In the medieval Europe of popular comic portrayal, everything is dirty and nothing is accurate. But real medieval Europe was obsessed with the regulation of weights and measurements. Almost everything was regulated, partly so that somebody could extract a fee from the process. Fees, tolls, fines and licenses: now we’re at the heart of the true medieval landscape.
Medieval commerce took place in towns that had been granted self-governing charters by the feudal lord. Both buyers and sellers in each town were fiercely jealous about false measurements that might cheat the buyer. While some sellers didn’t mind cheating, the other sellers and artisans in town did not want stories of being cheated to make the rounds by word of mouth. Even one false measure could lead to rumors that lasted for generations. So merchants and artisans policed commercial measurement strictly.
Guilds were the first line in enforcing accurate measurements. Each artisan was required to mark his products with his unique symbol (his trademark). If any consumer complained to the guild, they would know which artisan to prosecute. Guilds also carried out random inspections.
The coopers guild, like others, required every barrel to be branded with the cooper’s mark. Only guild-approved barrels could be used in trade there. Unmarked barrels were by definition illegal. Buckets and tubs were not as important in measurement terms, but they were also branded for other quality purposes.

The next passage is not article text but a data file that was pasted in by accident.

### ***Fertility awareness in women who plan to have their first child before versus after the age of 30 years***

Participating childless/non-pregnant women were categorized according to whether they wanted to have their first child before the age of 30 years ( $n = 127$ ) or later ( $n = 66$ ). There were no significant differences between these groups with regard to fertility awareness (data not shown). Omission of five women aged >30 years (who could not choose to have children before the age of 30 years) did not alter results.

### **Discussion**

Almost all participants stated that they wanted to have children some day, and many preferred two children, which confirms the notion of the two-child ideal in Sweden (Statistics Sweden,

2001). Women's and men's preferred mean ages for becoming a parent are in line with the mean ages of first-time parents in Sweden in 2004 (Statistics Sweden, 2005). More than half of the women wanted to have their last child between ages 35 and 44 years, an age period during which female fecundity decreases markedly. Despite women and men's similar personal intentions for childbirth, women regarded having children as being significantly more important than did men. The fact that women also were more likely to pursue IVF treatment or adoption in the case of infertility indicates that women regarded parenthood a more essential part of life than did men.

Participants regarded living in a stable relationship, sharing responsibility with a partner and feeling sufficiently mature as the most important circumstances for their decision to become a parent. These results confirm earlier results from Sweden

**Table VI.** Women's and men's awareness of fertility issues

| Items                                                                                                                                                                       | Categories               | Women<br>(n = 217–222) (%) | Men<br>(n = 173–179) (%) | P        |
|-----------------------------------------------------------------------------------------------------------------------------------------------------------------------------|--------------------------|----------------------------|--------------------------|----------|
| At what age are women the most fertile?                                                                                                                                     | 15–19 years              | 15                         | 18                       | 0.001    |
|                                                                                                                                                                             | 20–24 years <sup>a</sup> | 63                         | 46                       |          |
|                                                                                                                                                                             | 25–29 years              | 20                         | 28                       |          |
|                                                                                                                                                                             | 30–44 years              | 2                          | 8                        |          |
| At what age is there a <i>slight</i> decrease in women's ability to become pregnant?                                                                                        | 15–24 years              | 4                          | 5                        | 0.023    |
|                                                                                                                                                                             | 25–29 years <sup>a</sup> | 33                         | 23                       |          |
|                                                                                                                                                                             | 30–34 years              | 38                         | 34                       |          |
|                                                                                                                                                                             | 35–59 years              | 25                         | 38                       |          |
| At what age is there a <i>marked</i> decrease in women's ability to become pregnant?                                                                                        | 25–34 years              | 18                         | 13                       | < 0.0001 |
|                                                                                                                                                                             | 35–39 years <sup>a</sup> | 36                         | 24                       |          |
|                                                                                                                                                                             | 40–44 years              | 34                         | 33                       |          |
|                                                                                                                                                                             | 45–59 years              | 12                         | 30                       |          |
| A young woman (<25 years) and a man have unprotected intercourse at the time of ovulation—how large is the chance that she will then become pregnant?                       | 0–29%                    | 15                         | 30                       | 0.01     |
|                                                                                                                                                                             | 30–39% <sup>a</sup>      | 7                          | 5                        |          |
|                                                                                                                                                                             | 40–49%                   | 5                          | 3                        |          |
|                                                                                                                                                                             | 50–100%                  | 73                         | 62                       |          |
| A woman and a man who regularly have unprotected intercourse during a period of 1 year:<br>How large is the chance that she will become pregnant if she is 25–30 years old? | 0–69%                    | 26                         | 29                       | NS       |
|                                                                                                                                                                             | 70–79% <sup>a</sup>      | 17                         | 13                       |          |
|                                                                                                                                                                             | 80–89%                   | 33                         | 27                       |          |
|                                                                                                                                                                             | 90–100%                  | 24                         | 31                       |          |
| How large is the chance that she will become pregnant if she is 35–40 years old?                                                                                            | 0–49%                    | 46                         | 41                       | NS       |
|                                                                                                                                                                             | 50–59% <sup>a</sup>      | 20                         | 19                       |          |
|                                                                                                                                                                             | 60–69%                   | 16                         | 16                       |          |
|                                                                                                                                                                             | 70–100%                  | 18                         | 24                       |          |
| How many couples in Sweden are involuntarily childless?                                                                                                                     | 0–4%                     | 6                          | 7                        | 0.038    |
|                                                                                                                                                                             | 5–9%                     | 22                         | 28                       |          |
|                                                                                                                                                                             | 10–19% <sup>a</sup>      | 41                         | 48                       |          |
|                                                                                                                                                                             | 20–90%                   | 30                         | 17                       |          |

Towns, too, regulated measurements. Town governments had central offices of weights and measures; in some places it became customary to give this job to an official’s widow. It was a genteel way of supporting herself, since she just needed to certify that a guild’s or merchant’s set of weights and measures was accurate to the town’s official set. As central governments grew during the period, one of the chief roles at the king’s palace was to choose a standard for weights and measures. The king’s officers carried out random inspections of town measurement standards, just as the town inspected the guilds and the guilds inspected the merchants.
Each region or country had a set of standard barrel sizes to measure liquids. The archaic words for barrels, which to us seem interchangeable, were actually measurement labels: barrels, hogsheads, kegs, butts, pipes, firkins, casks, tuns, and kilderkins. The volume of each might be slightly different in England and France, but differences like these were well known to international merchants. (Here are some modern barrel conventions, provided by Wikipedia.)
Each industry for producing drinks or other liquids had traditional barrel sizes. Ale was sold in 30-gallon barrels, but beer came in 36-gallon barrels. Sweet wine (often from the Mediterranean region) came in butts, which held 18.5 modern gallons. Wholesale wine often came in tuns, the largest barrel size. Coopers in regions that produced more wine than ale could specialize in tuns, while the coopers in hopped-ale regions (the Rhine Valley) could focus on 36-gallon kegs. Perhaps sweet wine came in smaller barrels partly due to its Mediterranean origin, since trees were generally smaller.
We know from village and county magistrate records that one of the most commonly prosecuted offenses in medieval England was using ale pitchers that were a little bit too small. Ale was sold out of private houses for most of this period, and it was harder to regulate. Local officials took complaints seriously; alewives were fined on almost a daily basis for claiming one volume while actually selling a smaller one. The simplest way to create this cheat was to get a local cooper to use fresh oak when making your gallons and firkins. They appeared to be certified and correct, but over the course of a year, the wood shrank and allowed the alewife to skim profits. Towns and guilds both made it illegal for coopers to use green wood.